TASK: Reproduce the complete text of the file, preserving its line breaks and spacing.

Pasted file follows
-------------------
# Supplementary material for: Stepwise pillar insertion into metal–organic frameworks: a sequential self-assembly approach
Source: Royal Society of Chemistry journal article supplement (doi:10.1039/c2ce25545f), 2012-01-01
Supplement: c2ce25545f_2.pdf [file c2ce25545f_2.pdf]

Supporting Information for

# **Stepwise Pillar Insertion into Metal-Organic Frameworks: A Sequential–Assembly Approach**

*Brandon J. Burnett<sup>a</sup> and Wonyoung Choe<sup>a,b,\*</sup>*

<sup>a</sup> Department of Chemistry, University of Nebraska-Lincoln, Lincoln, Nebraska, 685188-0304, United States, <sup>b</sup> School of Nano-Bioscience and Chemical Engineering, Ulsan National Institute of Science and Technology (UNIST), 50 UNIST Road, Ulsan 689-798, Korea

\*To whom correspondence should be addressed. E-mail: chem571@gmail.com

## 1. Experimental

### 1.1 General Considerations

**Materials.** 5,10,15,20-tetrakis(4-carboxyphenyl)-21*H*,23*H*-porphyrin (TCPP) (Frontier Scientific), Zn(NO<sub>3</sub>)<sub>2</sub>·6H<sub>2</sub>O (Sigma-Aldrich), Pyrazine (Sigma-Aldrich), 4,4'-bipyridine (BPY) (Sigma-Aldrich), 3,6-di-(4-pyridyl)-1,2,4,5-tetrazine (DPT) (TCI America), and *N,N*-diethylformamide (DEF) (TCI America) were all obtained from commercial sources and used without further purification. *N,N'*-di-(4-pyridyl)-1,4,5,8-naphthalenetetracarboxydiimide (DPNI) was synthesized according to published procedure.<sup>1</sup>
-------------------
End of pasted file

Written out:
# Supplementary material for: Stepwise pillar insertion into metal–organic frameworks: a sequential self-assembly approach
Source: Royal Society of Chemistry journal article supplement (doi:10.1039/c2ce25545f), 2012-01-01
Supplement: c2ce25545f_2.pdf [file c2ce25545f_2.pdf]

Supporting Information for

# **Stepwise Pillar Insertion into Metal-Organic Frameworks: A Sequential–Assembly Approach**

*Brandon J. Burnett<sup>a</sup> and Wonyoung Choe<sup>a,b,\*</sup>*

<sup>a</sup> Department of Chemistry, University of Nebraska-Lincoln, Lincoln, Nebraska, 685188-0304, United States, <sup>b</sup> School of Nano-Bioscience and Chemical Engineering, Ulsan National Institute of Science and Technology (UNIST), 50 UNIST Road, Ulsan 689-798, Korea

\*To whom correspondence should be addressed. E-mail: chem571@gmail.com

## 1. Experimental

### 1.1 General Considerations

**Materials.** 5,10,15,20-tetrakis(4-carboxyphenyl)-21*H*,23*H*-porphyrin (TCPP) (Frontier Scientific), Zn(NO<sub>3</sub>)<sub>2</sub>·6H<sub>2</sub>O (Sigma-Aldrich), Pyrazine (Sigma-Aldrich), 4,4'-bipyridine (BPY) (Sigma-Aldrich), 3,6-di-(4-pyridyl)-1,2,4,5-tetrazine (DPT) (TCI America), and *N,N*-diethylformamide (DEF) (TCI America) were all obtained from commercial sources and used without further purification. *N,N'*-di-(4-pyridyl)-1,4,5,8-naphthalenetetracarboxydiimide (DPNI) was synthesized according to published procedure.<sup>1</sup>